Tuesday, March 23, 2010

A contribution to the canons of journalism

Warning: This post includes discussion of a recent news story about an extremely brutal incident of rape and torture. For those interested in this topic, a listing of all posts at The Superfluous Man concerning sexual violence and related issues can be found by clicking here.

News coverage of sexual violence is a very sensitive subject, fraught with all manner of potential pitfalls for the media. As someone who follows this issue with some interest, and who has some experience working in the newspaper business, I would propose the following guideline for media coverage of this issue:

A news article about someone who was held prisoner by three assailants for nearly 24 hours, bound with extension cords, savagely beaten with fists, a mop handle, extension cords, and wooden planks, doused with caustic bleach and ammonia, repeatedly raped with the same mop handle, and saved from death only by the unexpected arrival of the roommate of one of the assailants should not contain the word "lovin'" in its title or subtitle, and especially not in reference to the victim.

There are people who need to be told this. At least, they do when the person beaten, tortured, raped, and soaked in toxic and corrosive chemicals is a man. Two articles appeared in the Philadelphia Daily News, and a third at NBC Philadelphia, about an incident in which a woman named Renada Williams allegedly told two male acquaintances, Shawn Aiken and a teenager whose name has not been released, that her boyfriend had raped her and asked for their help in taking revenge. (The actual motive appears to have been relationship trouble; the only evidence that this supposed rape occurred is the story Williams allegedly told her accomplices to enlist their aid.)

Aiken and his young associate, who are apparently adherents of the Amanda Marcotte school of jurisprudence, agreed. I'll let the Philadelphia Daily News take it from here:

About 10 p.m. Sunday, Williams called her sex partner of six months to her Frankford home and enticed him with sex, McGinnis said. While they were having sex, she excused herself to let in the two males, McGinnis said.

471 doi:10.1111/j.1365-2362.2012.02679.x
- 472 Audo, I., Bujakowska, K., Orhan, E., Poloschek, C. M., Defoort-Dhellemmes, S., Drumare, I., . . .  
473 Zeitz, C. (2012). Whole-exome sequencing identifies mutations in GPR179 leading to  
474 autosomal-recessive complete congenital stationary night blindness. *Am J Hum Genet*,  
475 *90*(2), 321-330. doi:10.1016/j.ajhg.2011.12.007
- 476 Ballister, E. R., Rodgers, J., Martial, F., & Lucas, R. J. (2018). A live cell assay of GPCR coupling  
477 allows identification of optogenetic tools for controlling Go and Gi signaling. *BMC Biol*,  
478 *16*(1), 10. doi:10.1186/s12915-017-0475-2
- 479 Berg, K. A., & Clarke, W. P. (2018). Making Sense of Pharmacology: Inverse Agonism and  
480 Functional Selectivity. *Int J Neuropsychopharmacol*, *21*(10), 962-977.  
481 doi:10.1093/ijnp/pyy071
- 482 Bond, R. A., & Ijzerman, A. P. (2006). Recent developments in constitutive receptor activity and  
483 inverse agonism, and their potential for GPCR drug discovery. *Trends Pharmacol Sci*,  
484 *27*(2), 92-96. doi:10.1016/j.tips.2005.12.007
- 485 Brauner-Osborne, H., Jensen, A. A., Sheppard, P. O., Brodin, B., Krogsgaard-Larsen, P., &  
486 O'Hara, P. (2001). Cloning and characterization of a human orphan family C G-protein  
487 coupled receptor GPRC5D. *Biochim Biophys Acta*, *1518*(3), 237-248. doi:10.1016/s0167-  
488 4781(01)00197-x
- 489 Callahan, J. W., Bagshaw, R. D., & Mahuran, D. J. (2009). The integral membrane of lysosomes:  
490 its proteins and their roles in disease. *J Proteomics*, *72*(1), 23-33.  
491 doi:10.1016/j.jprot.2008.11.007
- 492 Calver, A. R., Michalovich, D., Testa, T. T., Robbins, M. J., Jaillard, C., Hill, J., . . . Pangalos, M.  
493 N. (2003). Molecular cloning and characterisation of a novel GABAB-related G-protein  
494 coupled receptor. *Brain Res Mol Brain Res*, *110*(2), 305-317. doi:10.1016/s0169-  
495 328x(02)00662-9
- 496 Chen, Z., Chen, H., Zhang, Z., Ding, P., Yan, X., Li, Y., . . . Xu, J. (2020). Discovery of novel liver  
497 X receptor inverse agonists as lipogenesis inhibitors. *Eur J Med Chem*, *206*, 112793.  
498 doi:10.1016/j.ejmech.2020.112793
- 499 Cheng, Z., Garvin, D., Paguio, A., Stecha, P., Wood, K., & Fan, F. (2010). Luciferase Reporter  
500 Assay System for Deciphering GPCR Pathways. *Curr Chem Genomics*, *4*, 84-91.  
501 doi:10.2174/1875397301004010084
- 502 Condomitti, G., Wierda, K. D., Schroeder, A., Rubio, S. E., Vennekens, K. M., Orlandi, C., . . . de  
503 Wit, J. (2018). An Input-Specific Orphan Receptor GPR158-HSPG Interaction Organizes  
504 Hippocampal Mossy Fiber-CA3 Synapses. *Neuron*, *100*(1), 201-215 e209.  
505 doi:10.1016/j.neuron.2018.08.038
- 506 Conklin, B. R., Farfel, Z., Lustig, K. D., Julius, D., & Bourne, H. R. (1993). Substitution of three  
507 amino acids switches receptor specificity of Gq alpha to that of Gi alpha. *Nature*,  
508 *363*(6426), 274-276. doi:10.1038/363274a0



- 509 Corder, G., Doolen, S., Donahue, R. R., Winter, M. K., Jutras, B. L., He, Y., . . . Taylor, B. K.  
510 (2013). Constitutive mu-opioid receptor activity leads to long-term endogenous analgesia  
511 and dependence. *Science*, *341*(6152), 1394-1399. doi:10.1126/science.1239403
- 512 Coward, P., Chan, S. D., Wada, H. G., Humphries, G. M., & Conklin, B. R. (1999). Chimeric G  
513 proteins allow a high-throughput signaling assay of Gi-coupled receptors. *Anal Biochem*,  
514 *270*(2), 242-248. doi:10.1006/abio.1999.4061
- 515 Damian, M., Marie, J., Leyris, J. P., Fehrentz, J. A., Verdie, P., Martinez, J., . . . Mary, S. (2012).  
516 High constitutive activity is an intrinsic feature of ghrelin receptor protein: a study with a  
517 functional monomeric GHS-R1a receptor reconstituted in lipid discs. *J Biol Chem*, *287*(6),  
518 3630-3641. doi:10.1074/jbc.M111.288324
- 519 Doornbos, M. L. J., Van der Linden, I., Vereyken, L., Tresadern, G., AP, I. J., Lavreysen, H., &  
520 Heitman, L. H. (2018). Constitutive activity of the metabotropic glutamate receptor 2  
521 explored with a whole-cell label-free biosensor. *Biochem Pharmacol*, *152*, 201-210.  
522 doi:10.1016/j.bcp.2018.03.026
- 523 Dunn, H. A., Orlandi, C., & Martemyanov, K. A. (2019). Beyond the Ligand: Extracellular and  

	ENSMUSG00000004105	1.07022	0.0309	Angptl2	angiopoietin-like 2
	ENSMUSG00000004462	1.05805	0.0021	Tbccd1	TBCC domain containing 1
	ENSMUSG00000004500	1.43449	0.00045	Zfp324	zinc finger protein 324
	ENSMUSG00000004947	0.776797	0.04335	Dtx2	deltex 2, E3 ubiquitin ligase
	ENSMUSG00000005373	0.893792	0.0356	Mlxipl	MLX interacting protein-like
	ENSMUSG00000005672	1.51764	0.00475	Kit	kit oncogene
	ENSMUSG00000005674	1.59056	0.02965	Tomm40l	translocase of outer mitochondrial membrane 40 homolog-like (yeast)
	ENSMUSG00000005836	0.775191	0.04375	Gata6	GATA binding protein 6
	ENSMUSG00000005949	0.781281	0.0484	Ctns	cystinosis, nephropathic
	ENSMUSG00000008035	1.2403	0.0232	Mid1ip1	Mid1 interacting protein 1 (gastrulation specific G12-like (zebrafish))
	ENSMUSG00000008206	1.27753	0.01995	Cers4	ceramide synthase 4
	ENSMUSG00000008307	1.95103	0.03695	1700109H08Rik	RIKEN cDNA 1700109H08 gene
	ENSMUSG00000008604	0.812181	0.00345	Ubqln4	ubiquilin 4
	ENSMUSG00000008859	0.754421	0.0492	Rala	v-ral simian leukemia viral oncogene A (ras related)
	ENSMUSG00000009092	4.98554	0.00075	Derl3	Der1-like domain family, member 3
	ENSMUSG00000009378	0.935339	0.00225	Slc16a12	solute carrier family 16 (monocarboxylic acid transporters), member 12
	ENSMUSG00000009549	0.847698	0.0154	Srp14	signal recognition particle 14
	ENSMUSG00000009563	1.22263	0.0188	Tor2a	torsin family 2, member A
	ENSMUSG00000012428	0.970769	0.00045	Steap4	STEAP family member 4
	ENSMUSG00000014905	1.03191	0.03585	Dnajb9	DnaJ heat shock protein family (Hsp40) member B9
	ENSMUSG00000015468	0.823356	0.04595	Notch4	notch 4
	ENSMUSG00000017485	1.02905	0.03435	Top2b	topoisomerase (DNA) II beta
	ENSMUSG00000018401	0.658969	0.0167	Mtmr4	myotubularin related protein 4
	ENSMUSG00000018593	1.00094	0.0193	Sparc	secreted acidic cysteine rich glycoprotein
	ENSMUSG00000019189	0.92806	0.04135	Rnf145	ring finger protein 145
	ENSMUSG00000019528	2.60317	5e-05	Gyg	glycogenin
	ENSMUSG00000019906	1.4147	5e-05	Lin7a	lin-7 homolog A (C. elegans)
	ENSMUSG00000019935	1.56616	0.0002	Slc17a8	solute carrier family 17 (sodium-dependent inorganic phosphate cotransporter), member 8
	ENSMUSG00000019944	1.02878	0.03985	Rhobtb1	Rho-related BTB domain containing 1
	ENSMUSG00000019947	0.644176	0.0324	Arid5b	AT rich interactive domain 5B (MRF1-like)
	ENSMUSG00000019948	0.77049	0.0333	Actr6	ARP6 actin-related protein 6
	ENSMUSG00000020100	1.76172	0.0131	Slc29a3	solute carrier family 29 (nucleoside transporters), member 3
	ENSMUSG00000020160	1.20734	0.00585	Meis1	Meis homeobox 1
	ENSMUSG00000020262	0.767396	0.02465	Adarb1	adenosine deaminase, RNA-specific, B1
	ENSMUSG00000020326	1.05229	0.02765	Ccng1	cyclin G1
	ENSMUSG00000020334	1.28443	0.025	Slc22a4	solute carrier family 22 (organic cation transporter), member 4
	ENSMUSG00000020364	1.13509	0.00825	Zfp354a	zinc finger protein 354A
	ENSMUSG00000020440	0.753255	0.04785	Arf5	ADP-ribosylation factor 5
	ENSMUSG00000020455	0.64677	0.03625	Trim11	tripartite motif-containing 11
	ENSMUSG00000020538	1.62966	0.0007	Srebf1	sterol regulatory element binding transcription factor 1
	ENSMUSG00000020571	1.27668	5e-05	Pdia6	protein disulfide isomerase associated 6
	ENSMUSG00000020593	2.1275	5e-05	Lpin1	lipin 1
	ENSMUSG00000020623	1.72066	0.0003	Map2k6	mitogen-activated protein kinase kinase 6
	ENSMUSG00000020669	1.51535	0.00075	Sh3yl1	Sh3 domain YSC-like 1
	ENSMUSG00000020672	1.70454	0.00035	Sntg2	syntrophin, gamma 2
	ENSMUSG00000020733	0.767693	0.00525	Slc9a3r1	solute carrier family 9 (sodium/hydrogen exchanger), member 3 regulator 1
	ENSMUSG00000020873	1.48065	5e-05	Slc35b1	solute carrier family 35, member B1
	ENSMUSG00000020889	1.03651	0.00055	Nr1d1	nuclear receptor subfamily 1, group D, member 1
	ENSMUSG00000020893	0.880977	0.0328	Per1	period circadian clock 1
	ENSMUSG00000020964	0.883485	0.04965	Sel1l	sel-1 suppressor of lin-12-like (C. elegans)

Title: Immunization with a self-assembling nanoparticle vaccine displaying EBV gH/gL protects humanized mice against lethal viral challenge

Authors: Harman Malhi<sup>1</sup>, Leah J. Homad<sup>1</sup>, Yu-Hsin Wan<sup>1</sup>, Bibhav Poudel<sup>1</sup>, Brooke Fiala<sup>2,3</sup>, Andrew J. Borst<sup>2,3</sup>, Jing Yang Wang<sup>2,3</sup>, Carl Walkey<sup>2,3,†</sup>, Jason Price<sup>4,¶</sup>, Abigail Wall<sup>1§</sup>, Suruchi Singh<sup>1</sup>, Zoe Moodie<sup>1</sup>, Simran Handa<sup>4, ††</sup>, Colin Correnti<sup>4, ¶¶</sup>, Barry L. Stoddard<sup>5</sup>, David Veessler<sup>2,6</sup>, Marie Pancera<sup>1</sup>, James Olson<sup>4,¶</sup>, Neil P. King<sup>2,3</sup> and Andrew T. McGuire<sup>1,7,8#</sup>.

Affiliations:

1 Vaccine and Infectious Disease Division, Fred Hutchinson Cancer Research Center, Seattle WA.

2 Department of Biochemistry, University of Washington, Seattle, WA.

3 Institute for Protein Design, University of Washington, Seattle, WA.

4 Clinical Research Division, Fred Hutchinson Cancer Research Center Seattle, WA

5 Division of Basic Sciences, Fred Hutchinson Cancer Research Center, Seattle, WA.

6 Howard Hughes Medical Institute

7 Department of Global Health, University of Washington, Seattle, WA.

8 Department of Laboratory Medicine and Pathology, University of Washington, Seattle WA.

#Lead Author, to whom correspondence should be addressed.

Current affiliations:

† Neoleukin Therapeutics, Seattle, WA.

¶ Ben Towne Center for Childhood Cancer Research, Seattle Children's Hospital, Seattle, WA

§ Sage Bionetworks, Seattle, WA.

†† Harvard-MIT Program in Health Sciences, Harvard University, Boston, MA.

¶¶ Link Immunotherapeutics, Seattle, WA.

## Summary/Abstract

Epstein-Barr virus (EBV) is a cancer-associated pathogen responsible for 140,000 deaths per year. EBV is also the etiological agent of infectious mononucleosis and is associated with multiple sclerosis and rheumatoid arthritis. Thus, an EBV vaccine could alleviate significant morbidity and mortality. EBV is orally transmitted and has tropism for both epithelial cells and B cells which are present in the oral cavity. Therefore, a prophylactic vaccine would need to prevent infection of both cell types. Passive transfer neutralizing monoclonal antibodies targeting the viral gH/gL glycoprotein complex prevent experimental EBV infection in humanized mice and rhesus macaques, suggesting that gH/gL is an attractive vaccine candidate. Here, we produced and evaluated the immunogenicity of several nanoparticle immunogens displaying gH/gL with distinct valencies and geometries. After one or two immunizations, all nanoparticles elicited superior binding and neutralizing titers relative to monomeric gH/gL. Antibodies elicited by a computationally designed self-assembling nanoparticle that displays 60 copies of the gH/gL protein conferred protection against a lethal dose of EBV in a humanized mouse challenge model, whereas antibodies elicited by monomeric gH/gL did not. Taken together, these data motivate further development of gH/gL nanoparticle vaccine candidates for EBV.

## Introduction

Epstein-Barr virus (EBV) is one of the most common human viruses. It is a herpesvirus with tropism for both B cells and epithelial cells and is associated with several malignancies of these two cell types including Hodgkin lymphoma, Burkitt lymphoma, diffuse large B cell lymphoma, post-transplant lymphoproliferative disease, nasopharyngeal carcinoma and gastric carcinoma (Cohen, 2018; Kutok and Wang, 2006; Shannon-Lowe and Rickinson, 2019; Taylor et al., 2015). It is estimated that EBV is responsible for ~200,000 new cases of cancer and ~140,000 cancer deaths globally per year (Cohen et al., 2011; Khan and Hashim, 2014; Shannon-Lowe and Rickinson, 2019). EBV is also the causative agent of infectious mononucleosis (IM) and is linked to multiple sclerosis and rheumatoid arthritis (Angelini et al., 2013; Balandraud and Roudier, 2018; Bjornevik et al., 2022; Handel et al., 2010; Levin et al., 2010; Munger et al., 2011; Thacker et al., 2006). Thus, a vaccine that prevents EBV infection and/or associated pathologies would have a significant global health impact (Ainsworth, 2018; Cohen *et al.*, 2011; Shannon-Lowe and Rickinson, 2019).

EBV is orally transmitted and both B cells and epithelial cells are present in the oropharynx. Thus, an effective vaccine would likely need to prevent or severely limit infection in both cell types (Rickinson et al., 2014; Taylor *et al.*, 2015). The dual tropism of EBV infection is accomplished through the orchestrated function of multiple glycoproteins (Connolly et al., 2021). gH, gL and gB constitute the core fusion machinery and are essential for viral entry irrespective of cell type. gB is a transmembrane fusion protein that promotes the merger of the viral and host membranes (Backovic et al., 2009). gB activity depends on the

Aiken and the teen rushed in and apparently began to beat up the Northeast man with their bare hands, but it escalated from there.

At some point the males tied the man to a sofa with extension cords and began to strike him with the wood plank, electric cords and a mop, the captain said.

Their purported deeds grew more atrocious. The thrashing from the wood plank left the victim with open wounds, McGinnis said. Aiken and the teen then poured Clorox bleach and ammonia over the man, causing stinging sores.

Then the duo took Pine-Sol floor cleaner to lubricate the mop and sodomize the victim "several times" over the time he was held by the trio, McGinnis said.

The ordeal ended only when Williams' roommate, who owns the house and rents to her, arrived at 8:40 p.m. Monday and interrupted the alleged criminal activity, he said.
Before I continue, I should note first that the actual author of the Daily News articles is not to blame for what I'm going to complain about; newspaper writers don't have any control over their own headlines. I do think it's unfortunate that the word "rape" is never used in reference to the crime, since it plays into the hands of the idea that sexual violence against men doesn't "count" in the way that comparable violence against women does, but that may also be the result of the editor or of standing policy at the newspaper and so, again, it would be unfair to lay the blame at the reporter's feet.

What inspired this post was the title of one of the articles linked above, because it's quite illustrative once you understand what you're looking at.